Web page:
Sensor based technology in diabetes management
When pharmacists think about self-monitoring of glucose, there are generally three different types of technologies: the traditional capillary glucose monitoring method, interstitial fluid glucose sensors and interstitial glucose sensors equipped with transmitters.
Unlike traditional fingerstick glucose monitoring which measures capillary glucose, sensor based glucose monitoring measures interstitial fluid. This technology was first developed in the 1990s but has been evolving ever since and now multiple models permit patients to read blood glucose level continuously, allowing regular updates on blood glucose levels throughout the day, without drawing blood.
This enables patients and their pharmacists to gain a more wholesome view of their activities throughout the day and how their lifestyle choices, such as type of meals and level of physical activity, impact glucose levels.
There are two types of interstitial fluid glucose sensors: real time continuous glucose monitoring (rtCGM), which proactively “pushes” the information to a reader, and flash glucose monitoring (FGM), also referred to as intermittently scanned continuous glucose monitoring (isCGM), where the data must be pulled from the sensor when a reading is needed.
rtCGMs can come as standalone devices or come integrated into an insulin pump with Bluetooth wireless connectivity, along with alarms that will trigger when glucose levels are too high or too low. Glucose levels are measured every minute and the glucose value is sent out – or “pushed” – every five minutes. The variable length of wear can be anywhere from five to 10 days and the data is stored in a cloud. Examples of this type of device include the DexCOM® G6 device and the Medtronic® Guardian Connect device.
Many pharmacists may already be familiar with the isCGM technology platform called FreeStyle Libre™ Flash Glucose Monitoring System. Unlike their real-time counterparts, which can communicate at a distance, isCGMs use near-field communication. That is, the reading device must be in close proximity to the sensor in order to obtain a reading. They provide 14 days of wear, no calibration is needed and readings are obtained by physically placing the reader close to the sensor or using a smartphone application to access the readings. Data is connected to the LibreView® cloud software where patients can access it. A recently approved version of isCGM now indicated for children four years of age and older, and is also equipped with high and low glucose alarms.
For pharmacists, it is recommended to set individualized target ranges in collaboration with the physician that are appropriate for the patient.
A completed line graph will appear on the reader screen for the patient using the device’s readings if the patient wears their continuous glucose monitor for at least eight hours. As the sensor measures glucose levels every minute, the patient is able to identify times during the day they are at target and also the impact of lifestyle choices such as diet and exercise.
Continuous glucose monitors are helpful in identifying a patient’s glucose level trend, and less effective at identifying whether a patient is hyperglycemic or hypoglycemic at a specific point in time. Continuous glucose monitors help the patient and their health-care provider do this by displaying “trend arrows” with their readings, providing five points of trend indication, based on the direction of the arrow:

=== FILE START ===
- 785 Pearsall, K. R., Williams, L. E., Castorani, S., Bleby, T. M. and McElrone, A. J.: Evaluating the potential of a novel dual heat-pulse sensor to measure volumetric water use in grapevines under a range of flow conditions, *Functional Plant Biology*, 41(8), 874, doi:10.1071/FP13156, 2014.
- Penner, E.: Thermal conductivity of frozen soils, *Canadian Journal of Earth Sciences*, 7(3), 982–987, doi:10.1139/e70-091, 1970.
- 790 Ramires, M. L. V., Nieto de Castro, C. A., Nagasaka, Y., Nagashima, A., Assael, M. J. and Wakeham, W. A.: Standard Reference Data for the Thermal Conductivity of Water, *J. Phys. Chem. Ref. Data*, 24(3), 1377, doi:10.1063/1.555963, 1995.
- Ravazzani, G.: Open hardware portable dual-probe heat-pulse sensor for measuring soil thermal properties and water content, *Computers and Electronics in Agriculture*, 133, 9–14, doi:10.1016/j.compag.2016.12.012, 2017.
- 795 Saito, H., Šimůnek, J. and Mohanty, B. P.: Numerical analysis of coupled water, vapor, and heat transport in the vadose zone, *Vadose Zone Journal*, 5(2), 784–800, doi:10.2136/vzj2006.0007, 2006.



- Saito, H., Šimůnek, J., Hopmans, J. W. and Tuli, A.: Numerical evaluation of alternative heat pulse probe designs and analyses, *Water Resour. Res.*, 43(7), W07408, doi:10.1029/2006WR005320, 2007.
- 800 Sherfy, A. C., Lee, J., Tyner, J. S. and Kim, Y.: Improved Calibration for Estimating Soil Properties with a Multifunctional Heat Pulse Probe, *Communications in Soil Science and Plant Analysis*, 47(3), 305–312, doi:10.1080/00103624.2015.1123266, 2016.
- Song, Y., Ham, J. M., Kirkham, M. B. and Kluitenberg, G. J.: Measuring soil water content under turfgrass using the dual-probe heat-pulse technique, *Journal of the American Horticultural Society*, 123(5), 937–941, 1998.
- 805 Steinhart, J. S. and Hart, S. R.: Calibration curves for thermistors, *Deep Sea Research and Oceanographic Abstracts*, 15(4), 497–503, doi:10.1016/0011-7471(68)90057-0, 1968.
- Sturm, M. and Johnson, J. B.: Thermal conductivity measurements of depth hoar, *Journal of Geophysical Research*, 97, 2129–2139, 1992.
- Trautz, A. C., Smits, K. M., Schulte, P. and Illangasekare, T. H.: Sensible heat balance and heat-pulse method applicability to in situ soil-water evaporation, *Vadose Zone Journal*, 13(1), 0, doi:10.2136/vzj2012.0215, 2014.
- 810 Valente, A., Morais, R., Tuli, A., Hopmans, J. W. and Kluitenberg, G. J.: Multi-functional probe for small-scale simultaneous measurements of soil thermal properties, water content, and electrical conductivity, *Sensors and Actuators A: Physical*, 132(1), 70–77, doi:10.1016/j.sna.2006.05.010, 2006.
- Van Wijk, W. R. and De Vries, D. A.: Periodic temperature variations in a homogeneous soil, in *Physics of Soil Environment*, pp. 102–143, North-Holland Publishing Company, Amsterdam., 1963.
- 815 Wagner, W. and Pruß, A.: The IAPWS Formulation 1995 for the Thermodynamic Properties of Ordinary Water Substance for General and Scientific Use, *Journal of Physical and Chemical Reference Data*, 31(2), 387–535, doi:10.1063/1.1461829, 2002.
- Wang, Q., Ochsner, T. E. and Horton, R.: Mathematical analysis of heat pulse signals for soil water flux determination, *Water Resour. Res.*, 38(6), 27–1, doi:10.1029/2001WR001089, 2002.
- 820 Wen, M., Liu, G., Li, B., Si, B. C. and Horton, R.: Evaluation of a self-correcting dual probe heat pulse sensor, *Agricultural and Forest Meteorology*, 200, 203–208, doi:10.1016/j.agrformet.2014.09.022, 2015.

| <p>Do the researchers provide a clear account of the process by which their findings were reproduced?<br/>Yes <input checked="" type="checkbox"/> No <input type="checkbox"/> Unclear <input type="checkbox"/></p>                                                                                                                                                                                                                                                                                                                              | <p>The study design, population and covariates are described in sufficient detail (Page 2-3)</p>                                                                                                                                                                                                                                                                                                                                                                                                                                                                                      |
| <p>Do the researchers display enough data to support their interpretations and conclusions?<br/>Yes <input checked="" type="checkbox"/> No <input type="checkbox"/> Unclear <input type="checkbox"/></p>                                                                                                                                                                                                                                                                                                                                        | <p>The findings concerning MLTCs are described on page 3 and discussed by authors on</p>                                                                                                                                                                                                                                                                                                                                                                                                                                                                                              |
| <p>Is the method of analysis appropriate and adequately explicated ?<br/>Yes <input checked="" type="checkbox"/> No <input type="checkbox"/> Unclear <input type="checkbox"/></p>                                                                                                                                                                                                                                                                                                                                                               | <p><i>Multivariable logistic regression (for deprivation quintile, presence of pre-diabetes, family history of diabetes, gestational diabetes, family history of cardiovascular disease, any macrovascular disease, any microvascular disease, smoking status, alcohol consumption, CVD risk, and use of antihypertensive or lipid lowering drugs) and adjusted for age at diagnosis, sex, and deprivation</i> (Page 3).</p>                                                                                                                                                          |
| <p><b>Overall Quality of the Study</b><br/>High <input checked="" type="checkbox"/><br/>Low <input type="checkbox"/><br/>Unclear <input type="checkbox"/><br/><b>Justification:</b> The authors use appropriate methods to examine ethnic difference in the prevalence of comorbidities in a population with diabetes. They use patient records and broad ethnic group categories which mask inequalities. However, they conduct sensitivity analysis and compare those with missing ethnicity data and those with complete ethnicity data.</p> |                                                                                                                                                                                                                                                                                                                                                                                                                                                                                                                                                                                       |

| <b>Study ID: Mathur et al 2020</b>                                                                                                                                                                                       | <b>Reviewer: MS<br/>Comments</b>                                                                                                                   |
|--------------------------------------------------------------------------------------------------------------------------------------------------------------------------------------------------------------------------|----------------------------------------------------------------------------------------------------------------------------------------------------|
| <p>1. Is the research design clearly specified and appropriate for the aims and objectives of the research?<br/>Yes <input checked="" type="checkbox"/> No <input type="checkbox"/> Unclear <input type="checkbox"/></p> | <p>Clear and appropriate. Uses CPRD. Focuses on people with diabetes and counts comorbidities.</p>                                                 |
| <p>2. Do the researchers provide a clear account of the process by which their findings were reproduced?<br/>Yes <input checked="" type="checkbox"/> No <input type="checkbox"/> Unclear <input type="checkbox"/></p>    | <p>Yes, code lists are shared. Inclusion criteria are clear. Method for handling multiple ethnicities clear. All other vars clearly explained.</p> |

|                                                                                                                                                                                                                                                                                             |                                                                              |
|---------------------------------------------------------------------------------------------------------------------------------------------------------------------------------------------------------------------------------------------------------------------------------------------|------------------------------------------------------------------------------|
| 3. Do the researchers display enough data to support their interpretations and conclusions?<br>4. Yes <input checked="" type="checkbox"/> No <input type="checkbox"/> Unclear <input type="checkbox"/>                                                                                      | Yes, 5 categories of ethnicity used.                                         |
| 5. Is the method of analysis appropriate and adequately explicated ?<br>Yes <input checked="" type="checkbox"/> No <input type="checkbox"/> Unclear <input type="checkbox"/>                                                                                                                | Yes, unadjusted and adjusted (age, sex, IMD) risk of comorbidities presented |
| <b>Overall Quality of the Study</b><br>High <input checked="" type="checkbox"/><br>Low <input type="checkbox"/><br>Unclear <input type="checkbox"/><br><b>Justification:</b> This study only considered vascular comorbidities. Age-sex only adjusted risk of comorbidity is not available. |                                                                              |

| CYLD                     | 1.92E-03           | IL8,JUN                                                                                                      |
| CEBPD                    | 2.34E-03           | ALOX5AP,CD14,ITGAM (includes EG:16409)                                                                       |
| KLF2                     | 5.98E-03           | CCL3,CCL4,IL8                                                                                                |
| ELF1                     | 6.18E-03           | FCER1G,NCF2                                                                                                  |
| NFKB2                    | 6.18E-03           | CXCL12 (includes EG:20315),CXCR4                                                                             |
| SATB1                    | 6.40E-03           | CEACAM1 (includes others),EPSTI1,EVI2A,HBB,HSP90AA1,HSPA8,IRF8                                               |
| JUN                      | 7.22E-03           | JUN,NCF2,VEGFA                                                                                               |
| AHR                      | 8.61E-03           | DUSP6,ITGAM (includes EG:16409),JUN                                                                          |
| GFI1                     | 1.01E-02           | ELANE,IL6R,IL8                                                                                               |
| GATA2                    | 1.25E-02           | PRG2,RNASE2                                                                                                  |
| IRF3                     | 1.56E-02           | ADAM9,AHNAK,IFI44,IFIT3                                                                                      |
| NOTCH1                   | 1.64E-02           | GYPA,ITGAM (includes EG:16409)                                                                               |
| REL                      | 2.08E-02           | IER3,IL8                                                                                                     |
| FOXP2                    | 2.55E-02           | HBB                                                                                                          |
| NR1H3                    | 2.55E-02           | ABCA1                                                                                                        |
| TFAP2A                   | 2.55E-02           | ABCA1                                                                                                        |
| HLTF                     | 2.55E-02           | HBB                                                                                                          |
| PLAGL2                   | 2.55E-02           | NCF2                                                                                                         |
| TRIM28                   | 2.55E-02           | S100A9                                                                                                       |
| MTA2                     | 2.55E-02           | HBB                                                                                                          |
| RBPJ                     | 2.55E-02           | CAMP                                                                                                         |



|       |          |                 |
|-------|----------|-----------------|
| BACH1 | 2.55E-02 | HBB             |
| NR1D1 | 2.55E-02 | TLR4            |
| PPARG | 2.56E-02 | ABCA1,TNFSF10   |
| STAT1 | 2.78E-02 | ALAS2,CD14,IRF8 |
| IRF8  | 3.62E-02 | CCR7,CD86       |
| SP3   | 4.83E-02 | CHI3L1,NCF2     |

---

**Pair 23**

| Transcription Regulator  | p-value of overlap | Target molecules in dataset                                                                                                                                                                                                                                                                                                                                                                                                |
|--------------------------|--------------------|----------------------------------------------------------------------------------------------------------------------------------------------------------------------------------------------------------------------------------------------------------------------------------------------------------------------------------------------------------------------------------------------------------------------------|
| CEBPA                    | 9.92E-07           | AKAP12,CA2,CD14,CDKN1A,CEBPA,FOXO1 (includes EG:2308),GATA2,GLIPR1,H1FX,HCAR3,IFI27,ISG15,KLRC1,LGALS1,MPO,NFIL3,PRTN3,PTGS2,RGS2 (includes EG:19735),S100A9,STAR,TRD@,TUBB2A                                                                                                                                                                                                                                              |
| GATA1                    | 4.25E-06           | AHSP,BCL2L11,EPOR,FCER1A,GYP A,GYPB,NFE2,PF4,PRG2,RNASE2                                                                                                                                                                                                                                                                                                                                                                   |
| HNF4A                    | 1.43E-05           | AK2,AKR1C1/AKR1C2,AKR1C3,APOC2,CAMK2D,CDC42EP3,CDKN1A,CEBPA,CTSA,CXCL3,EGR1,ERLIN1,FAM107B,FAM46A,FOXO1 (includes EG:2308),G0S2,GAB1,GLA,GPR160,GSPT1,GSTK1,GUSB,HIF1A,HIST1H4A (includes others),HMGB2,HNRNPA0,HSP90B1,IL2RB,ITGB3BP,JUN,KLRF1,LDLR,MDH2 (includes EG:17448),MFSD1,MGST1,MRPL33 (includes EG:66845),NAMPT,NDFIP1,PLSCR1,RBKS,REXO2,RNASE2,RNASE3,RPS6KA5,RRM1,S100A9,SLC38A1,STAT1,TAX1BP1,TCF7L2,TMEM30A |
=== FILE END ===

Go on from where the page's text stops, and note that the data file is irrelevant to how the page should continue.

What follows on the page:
Directly up: an increase of blood glucose concentration of at least 1.5 mmol/L in the next 15 minutes if no action is taken.
Directly down: a fall of at least 1.5 mmol/L in the next 15 minutes if no action is taken.
Diagonally up: a rise of between .9 and 1.5 mmol/L in the next 15 minutes if no action is taken.
Diagonally down: a fall of between .9 and 1.5 mmol/L in the next 15 minutes if no action is taken.
Horizontal facing: minimal change in glucose within the next 15 minutes.
The patient will not only be equipped with their current glucose reading and the trend of where their glucose levels are headed in the next 15 minutes, but also how their glucose levels were affected by their choices over the past eight hours. The visual representation of glucose trends reinforces positive lifestyle choices and provides insights for when the patient is not in target range.
When a patient first begins using continuous glucose monitoring sensors, they should be reviewing their readings at least every eight hours. It is not recommended for patients who do not want to scan every eight hours.
Lastly, for patients, it may help to keep four things in mind when using glucose monitoring sensors:
- Scan frequently
- Learn from the trends
- Act and be proactive
- Do not react
Consider all these four different aspects to encourage the patient to learn from their results and be proactive in making changes to their lifestyle choices.
This article was written based on information from the BCPhA webinar “The Role of Technology in Diabetes Management” delivered by Pindy Janda, B.Sc Pharm, RPh on May 19, 2021.
As an accomplished clinical business development pharmacist with over 20 years of community pharmacy experience, Pindy has a proven track record in patient & pharmacist education, chronic disease management initiatives, pharmacy operations and business development. Pindy believes in empowering her fellow community pharmacists to maximize their expanded scope of practice resulting in improved patient outcomes for their patients and increased community pharmacy viability.